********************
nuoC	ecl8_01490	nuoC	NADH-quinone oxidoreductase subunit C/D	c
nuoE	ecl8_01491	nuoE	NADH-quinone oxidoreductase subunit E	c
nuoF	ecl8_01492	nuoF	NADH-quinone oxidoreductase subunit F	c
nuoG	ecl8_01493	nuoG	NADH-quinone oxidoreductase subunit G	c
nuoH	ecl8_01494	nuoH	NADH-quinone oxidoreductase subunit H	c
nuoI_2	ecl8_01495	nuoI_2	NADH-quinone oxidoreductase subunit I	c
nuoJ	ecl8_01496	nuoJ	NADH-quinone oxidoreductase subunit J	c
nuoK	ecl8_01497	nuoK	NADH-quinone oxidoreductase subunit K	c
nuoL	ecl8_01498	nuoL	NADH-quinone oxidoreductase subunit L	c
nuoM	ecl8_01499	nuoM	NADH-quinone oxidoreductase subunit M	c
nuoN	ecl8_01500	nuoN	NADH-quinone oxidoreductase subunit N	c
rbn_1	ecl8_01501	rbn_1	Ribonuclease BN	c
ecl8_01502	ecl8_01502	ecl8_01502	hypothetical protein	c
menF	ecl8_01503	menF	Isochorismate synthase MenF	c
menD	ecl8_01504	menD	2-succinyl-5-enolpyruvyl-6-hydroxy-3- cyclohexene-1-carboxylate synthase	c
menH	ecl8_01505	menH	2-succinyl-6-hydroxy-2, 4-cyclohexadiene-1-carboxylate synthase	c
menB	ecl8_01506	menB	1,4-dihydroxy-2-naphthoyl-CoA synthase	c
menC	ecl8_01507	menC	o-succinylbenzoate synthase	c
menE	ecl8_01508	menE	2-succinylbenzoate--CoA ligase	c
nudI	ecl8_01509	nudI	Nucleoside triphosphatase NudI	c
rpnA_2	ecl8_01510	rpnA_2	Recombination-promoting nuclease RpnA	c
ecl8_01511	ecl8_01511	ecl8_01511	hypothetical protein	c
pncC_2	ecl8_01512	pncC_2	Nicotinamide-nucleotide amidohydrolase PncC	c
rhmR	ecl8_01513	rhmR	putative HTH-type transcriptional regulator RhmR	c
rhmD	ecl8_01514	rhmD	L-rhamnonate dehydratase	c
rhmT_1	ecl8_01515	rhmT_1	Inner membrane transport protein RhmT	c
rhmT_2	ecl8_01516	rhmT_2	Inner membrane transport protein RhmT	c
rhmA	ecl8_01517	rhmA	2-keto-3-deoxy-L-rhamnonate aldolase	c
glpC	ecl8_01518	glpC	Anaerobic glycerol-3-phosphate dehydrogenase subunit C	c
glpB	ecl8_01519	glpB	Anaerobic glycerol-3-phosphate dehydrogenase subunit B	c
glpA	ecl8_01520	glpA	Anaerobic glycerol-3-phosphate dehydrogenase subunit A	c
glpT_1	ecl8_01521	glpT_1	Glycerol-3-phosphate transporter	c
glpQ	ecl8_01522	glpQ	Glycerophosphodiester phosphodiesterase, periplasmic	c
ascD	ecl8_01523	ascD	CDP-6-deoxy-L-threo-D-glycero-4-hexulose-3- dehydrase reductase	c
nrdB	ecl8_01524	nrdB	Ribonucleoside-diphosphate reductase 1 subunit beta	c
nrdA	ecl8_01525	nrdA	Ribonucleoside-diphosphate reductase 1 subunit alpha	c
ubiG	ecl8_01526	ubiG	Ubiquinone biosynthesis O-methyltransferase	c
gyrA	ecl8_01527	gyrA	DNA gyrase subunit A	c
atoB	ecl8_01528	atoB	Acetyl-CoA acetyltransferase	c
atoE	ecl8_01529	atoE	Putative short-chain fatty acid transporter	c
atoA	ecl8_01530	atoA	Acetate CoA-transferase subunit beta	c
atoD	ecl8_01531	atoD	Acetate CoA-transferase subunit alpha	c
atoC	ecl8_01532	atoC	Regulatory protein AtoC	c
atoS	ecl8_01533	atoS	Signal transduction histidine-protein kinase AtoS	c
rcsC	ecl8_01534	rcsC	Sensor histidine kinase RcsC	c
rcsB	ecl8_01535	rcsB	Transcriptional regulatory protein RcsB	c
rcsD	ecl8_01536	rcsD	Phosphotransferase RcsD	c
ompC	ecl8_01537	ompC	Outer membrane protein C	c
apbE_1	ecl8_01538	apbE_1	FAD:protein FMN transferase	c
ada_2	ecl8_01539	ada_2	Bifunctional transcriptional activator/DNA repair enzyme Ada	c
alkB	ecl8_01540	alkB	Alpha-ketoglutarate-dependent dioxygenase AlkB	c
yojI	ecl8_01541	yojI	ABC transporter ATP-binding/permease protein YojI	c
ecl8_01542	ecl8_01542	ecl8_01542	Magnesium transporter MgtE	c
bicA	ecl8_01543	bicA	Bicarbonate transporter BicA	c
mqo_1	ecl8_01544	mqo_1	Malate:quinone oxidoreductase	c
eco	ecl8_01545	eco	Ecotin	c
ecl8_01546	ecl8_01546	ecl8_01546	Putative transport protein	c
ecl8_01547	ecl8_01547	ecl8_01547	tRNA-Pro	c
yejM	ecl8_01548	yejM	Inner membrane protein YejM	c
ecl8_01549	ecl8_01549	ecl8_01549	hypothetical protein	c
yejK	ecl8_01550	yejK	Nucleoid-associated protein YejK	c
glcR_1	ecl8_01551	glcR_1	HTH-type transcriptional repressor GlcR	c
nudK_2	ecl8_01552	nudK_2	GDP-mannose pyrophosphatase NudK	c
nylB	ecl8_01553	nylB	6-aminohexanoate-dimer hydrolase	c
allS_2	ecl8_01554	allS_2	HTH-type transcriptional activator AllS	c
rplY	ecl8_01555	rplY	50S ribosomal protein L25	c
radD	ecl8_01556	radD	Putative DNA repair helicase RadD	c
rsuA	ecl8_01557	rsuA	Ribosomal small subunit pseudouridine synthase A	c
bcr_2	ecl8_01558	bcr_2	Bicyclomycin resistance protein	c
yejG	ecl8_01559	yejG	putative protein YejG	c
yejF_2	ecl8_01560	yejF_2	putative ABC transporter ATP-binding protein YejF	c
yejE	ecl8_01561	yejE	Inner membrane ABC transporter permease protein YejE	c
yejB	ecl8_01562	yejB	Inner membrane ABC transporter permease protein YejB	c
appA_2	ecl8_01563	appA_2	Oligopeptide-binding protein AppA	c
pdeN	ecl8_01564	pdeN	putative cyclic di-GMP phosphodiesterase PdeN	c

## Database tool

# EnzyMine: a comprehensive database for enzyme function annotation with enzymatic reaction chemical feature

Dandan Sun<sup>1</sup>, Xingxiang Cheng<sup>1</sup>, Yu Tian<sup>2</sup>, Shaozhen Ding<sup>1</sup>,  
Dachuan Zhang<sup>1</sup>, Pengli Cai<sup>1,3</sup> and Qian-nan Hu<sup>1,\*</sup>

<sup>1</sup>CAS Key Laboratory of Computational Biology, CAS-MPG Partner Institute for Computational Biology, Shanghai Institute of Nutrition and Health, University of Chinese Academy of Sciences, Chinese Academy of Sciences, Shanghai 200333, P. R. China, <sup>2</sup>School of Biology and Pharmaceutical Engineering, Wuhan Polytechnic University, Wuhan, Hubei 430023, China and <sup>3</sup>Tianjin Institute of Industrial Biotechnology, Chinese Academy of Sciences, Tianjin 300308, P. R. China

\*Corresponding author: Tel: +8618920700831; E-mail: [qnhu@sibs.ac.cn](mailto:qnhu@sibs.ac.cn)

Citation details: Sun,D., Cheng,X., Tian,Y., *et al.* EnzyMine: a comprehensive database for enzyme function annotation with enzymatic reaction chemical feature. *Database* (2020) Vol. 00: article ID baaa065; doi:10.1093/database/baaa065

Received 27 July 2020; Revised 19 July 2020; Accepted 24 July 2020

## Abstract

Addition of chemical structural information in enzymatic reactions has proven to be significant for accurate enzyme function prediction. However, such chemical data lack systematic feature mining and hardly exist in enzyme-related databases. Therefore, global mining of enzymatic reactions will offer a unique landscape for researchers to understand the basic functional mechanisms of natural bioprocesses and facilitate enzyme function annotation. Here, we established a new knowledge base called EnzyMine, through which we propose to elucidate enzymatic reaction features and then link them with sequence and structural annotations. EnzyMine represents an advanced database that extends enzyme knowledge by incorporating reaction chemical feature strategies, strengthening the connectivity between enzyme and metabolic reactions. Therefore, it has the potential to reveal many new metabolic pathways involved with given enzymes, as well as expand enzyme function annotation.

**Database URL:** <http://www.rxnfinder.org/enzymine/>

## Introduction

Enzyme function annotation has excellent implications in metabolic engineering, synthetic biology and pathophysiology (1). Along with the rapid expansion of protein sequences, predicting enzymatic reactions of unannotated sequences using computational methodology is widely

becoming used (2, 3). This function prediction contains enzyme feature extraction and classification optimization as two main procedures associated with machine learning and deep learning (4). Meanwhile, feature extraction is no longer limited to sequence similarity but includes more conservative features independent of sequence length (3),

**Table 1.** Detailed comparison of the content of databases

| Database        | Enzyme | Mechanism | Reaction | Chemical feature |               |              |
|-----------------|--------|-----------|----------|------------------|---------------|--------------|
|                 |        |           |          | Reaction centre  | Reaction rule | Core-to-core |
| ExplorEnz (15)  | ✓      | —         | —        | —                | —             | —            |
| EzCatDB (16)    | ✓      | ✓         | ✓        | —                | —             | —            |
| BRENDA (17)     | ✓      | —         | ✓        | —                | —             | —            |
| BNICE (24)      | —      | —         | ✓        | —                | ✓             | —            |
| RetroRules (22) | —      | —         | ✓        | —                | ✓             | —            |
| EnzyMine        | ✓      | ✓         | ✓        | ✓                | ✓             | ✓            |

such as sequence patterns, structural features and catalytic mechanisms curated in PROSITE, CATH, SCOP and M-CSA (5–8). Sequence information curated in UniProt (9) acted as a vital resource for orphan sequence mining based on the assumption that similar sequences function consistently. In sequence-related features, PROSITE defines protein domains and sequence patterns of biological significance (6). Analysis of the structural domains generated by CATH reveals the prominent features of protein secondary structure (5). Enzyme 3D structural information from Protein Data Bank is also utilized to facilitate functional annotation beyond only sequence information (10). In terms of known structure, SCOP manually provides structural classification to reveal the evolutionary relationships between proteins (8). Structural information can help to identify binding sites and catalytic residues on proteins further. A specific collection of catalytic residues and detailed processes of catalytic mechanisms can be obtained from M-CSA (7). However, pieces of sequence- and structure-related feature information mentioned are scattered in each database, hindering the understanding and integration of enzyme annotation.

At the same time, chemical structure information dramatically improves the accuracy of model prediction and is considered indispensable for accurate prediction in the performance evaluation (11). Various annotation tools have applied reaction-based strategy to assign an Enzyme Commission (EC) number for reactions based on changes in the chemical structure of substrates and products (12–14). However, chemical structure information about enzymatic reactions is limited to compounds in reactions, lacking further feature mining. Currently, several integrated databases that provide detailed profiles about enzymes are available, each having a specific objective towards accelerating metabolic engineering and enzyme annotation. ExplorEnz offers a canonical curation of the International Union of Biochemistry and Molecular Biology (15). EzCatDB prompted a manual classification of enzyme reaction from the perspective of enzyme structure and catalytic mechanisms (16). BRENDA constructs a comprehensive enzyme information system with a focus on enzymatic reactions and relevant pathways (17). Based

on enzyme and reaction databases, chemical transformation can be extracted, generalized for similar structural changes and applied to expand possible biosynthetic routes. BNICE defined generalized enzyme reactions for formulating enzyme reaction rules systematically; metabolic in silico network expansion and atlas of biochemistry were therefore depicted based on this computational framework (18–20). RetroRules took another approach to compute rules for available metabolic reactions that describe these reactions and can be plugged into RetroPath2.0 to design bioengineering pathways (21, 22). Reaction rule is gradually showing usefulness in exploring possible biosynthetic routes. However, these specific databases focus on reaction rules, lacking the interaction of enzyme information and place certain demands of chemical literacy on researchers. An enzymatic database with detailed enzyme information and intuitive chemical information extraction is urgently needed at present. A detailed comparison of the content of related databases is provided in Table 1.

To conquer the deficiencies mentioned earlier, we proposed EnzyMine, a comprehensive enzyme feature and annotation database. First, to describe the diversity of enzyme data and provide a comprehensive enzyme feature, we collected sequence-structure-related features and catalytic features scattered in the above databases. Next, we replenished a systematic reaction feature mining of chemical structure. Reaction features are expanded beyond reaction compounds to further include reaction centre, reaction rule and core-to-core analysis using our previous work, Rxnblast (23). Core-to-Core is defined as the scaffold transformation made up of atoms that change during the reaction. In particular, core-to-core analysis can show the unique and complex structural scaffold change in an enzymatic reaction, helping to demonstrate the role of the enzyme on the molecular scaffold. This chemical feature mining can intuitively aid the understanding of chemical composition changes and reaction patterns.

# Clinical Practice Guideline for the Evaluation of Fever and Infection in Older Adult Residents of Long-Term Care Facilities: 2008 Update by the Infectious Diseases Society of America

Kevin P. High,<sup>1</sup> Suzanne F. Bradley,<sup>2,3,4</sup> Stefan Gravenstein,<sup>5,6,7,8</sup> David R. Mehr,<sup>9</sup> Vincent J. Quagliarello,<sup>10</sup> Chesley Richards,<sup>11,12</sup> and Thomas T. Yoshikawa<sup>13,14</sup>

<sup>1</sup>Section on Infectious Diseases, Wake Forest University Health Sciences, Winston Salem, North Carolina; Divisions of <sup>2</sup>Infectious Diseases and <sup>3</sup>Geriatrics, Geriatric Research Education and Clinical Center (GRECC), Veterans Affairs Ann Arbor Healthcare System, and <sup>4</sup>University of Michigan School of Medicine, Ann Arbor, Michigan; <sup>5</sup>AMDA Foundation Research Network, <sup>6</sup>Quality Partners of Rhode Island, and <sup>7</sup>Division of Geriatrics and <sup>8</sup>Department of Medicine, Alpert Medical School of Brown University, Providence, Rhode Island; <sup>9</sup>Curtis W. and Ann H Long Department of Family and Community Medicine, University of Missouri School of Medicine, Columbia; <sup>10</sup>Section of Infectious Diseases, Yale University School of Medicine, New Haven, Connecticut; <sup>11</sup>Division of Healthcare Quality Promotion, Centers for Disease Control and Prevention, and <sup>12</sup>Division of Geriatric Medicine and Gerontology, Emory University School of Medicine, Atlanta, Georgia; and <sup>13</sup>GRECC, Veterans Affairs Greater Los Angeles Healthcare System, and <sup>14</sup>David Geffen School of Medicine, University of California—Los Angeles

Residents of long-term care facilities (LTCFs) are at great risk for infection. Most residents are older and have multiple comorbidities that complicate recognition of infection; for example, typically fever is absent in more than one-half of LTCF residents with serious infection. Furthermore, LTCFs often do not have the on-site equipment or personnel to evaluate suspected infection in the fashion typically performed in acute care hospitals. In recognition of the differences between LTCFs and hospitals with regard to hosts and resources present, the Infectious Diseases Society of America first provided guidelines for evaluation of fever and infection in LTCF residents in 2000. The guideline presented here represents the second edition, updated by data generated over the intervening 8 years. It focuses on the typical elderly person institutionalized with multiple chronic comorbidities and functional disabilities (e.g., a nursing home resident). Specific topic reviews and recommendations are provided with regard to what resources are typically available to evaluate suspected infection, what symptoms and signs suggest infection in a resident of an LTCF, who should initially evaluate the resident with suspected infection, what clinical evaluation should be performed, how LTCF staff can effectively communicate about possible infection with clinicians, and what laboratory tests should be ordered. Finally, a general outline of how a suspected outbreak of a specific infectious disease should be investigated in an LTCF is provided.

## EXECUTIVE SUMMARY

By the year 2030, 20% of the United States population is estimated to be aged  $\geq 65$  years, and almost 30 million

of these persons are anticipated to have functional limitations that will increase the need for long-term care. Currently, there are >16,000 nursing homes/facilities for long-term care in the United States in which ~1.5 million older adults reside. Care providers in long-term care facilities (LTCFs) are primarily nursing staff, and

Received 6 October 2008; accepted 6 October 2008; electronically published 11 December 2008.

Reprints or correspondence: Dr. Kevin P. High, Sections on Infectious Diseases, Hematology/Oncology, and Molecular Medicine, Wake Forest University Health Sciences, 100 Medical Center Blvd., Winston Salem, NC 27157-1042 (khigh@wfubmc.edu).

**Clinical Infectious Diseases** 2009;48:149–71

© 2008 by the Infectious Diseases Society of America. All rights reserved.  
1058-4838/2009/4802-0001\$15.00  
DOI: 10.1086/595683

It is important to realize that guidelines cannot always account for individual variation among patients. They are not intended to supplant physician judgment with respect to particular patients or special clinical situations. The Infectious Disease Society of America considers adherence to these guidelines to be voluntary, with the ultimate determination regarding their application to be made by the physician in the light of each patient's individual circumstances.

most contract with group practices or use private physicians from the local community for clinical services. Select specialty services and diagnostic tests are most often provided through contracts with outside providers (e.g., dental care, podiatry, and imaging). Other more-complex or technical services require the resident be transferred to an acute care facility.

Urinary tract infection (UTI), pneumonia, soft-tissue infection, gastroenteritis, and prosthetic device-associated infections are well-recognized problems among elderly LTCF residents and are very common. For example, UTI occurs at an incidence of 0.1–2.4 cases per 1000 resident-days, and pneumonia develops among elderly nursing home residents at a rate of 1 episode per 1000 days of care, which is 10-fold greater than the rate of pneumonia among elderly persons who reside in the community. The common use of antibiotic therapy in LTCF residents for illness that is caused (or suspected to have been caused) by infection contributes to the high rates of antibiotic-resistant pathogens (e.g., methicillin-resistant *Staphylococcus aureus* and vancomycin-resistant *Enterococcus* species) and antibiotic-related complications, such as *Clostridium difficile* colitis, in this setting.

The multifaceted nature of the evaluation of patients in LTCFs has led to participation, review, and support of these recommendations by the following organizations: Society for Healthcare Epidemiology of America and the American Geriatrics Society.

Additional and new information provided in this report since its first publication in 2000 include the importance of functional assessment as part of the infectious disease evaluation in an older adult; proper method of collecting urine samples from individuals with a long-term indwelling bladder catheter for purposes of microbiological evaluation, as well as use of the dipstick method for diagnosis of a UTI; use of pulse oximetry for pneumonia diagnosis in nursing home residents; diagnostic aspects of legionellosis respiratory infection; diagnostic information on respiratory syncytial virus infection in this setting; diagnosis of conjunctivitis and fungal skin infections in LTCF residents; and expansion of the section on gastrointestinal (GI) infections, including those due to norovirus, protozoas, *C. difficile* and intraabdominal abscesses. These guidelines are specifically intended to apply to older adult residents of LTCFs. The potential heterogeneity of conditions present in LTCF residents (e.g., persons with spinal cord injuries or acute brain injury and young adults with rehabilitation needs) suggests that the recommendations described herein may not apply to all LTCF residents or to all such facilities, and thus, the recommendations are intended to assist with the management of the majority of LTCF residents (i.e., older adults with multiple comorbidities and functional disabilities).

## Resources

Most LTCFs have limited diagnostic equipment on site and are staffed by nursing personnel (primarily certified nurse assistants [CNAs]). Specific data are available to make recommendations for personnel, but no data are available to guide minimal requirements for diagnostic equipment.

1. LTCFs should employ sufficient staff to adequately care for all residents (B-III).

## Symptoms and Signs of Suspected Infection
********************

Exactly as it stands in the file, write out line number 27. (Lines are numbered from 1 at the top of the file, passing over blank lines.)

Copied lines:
rhmT_2	ecl8_01516	rhmT_2	Inner membrane transport protein RhmT	c